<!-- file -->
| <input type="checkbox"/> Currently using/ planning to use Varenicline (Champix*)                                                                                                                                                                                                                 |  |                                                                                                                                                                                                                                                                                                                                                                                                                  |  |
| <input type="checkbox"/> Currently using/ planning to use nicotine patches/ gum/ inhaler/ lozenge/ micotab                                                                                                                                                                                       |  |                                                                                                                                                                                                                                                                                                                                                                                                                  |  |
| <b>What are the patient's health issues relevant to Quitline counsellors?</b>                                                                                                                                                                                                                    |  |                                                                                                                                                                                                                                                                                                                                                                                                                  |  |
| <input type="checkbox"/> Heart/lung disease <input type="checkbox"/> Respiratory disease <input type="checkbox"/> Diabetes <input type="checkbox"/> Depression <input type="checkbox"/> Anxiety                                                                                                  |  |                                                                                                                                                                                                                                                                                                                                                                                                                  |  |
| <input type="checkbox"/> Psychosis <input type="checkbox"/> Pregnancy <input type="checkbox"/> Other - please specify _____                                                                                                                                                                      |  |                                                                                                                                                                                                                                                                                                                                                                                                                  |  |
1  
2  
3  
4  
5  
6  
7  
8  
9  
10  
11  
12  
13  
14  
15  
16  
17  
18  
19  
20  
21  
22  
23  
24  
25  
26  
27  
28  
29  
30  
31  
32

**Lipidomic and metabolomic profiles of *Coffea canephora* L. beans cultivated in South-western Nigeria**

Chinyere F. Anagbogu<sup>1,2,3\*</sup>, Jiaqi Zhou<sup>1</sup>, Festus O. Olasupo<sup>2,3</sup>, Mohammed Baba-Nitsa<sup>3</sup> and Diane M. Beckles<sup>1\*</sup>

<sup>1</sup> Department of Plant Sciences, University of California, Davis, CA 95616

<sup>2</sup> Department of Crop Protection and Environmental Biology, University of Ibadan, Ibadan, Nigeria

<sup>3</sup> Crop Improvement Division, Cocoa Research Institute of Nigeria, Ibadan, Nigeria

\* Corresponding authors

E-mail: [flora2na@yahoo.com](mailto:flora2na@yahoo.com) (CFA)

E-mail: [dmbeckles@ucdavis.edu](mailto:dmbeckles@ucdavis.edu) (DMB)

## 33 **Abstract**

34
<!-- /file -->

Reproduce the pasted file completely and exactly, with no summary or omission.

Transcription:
| <input type="checkbox"/> Currently using/ planning to use Varenicline (Champix*)                                                                                                                                                                                                                 |  |                                                                                                                                                                                                                                                                                                                                                                                                                  |  |
| <input type="checkbox"/> Currently using/ planning to use nicotine patches/ gum/ inhaler/ lozenge/ micotab                                                                                                                                                                                       |  |                                                                                                                                                                                                                                                                                                                                                                                                                  |  |
| <b>What are the patient's health issues relevant to Quitline counsellors?</b>                                                                                                                                                                                                                    |  |                                                                                                                                                                                                                                                                                                                                                                                                                  |  |
| <input type="checkbox"/> Heart/lung disease <input type="checkbox"/> Respiratory disease <input type="checkbox"/> Diabetes <input type="checkbox"/> Depression <input type="checkbox"/> Anxiety                                                                                                  |  |                                                                                                                                                                                                                                                                                                                                                                                                                  |  |
| <input type="checkbox"/> Psychosis <input type="checkbox"/> Pregnancy <input type="checkbox"/> Other - please specify _____                                                                                                                                                                      |  |                                                                                                                                                                                                                                                                                                                                                                                                                  |  |
1  
2  
3  
4  
5  
6  
7  
8  
9  
10  
11  
12  
13  
14  
15  
16  
17  
18  
19  
20  
21  
22  
23  
24  
25  
26  
27  
28  
29  
30  
31  
32

**Lipidomic and metabolomic profiles of *Coffea canephora* L. beans cultivated in South-western Nigeria**

Chinyere F. Anagbogu<sup>1,2,3\*</sup>, Jiaqi Zhou<sup>1</sup>, Festus O. Olasupo<sup>2,3</sup>, Mohammed Baba-Nitsa<sup>3</sup> and Diane M. Beckles<sup>1\*</sup>

<sup>1</sup> Department of Plant Sciences, University of California, Davis, CA 95616

<sup>2</sup> Department of Crop Protection and Environmental Biology, University of Ibadan, Ibadan, Nigeria

<sup>3</sup> Crop Improvement Division, Cocoa Research Institute of Nigeria, Ibadan, Nigeria

\* Corresponding authors

E-mail: [flora2na@yahoo.com](mailto:flora2na@yahoo.com) (CFA)

E-mail: [dmbeckles@ucdavis.edu](mailto:dmbeckles@ucdavis.edu) (DMB)

## 33 **Abstract**

34